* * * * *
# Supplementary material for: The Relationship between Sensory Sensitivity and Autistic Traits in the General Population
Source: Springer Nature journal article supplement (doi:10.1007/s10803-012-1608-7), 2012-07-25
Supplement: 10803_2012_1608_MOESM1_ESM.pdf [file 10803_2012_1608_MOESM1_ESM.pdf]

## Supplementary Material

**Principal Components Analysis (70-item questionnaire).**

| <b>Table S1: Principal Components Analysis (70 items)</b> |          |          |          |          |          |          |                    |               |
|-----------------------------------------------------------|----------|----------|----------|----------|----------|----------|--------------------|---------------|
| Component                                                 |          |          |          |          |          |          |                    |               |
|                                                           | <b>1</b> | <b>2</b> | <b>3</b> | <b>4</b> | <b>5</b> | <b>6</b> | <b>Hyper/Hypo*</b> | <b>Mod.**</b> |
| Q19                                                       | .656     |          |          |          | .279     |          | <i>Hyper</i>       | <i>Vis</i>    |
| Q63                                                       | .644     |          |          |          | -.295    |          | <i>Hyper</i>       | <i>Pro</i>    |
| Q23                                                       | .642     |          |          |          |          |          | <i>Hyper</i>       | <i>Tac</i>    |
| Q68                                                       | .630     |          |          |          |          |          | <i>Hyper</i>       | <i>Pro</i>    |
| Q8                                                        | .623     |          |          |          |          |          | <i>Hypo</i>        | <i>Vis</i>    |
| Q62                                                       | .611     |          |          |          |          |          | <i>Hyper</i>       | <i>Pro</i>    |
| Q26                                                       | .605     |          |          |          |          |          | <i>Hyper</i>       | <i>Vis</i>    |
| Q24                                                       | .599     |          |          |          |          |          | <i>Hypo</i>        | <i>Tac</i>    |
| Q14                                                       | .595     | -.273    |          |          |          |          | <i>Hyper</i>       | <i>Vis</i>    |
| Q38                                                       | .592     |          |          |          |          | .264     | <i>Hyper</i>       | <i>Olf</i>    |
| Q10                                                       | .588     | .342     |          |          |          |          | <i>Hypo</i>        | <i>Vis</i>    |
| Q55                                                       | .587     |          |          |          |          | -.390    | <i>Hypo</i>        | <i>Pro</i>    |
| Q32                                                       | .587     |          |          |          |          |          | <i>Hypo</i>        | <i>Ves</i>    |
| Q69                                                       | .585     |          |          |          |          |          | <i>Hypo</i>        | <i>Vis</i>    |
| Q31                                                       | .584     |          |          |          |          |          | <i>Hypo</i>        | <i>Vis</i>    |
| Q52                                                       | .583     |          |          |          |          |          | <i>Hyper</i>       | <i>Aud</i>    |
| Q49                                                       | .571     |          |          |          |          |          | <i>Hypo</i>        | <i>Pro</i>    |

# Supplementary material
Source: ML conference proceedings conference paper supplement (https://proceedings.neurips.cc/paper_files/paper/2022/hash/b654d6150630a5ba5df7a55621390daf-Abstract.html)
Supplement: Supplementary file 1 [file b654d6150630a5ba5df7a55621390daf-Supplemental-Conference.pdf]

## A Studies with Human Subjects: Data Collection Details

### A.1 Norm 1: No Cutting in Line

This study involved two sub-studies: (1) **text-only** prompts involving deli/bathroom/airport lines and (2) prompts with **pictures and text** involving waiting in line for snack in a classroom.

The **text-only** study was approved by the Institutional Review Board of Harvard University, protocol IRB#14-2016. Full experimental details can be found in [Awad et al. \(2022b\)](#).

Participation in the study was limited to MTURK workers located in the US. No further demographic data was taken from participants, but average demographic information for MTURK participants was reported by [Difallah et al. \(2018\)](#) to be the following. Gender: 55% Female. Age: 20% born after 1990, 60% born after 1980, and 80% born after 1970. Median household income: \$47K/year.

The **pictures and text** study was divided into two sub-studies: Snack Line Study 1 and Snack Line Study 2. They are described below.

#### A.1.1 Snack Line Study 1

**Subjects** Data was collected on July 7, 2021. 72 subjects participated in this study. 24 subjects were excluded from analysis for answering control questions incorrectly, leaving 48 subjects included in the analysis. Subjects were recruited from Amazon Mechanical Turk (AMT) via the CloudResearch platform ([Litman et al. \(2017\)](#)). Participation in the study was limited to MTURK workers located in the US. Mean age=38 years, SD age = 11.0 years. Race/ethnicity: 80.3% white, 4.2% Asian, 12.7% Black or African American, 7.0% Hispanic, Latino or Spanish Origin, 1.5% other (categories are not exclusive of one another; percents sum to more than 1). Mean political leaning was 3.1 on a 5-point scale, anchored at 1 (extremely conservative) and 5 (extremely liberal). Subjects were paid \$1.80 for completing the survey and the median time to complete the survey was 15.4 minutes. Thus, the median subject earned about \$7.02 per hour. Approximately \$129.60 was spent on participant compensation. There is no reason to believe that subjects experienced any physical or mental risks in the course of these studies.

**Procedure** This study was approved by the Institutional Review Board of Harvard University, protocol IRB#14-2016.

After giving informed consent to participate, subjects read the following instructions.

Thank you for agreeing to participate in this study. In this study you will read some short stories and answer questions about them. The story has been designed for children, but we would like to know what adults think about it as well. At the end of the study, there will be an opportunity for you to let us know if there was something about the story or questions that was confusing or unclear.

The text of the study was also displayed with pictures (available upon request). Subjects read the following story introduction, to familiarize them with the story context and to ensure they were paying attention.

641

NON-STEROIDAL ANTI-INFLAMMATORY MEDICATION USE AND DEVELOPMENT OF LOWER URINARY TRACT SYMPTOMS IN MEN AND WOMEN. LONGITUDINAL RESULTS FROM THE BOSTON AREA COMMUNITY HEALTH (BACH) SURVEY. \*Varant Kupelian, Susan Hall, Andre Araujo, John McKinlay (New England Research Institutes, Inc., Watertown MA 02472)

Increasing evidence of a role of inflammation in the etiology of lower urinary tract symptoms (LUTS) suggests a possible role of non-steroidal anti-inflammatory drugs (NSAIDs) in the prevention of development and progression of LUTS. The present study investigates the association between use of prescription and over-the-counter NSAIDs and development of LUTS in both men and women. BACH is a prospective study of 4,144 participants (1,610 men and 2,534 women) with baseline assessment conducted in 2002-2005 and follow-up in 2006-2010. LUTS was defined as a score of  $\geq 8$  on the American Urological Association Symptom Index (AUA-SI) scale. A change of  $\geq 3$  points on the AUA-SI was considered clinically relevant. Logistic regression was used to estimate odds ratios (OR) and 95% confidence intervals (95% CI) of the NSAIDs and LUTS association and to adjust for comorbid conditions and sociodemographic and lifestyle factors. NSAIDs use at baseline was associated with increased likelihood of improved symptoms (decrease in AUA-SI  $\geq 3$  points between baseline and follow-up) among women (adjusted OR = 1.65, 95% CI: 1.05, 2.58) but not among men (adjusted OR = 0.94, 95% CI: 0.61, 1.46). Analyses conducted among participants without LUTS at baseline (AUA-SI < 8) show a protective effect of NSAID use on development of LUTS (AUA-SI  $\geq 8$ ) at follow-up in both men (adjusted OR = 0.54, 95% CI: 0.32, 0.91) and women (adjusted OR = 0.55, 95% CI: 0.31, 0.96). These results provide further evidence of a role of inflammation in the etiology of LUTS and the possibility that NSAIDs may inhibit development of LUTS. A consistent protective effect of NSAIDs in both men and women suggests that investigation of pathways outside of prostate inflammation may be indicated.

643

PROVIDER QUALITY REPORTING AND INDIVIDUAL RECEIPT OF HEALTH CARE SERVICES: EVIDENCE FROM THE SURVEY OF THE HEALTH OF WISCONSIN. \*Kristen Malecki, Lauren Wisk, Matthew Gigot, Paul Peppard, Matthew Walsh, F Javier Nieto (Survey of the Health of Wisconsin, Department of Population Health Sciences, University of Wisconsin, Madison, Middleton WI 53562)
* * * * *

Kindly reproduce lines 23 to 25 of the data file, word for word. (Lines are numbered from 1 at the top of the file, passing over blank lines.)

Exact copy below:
| Q69                                                       | .585     |          |          |          |          |          | <i>Hypo</i>        | <i>Vis</i>    |
| Q31                                                       | .584     |          |          |          |          |          | <i>Hypo</i>        | <i>Vis</i>    |
| Q52                                                       | .583     |          |          |          |          |          | <i>Hyper</i>       | <i>Aud</i>    |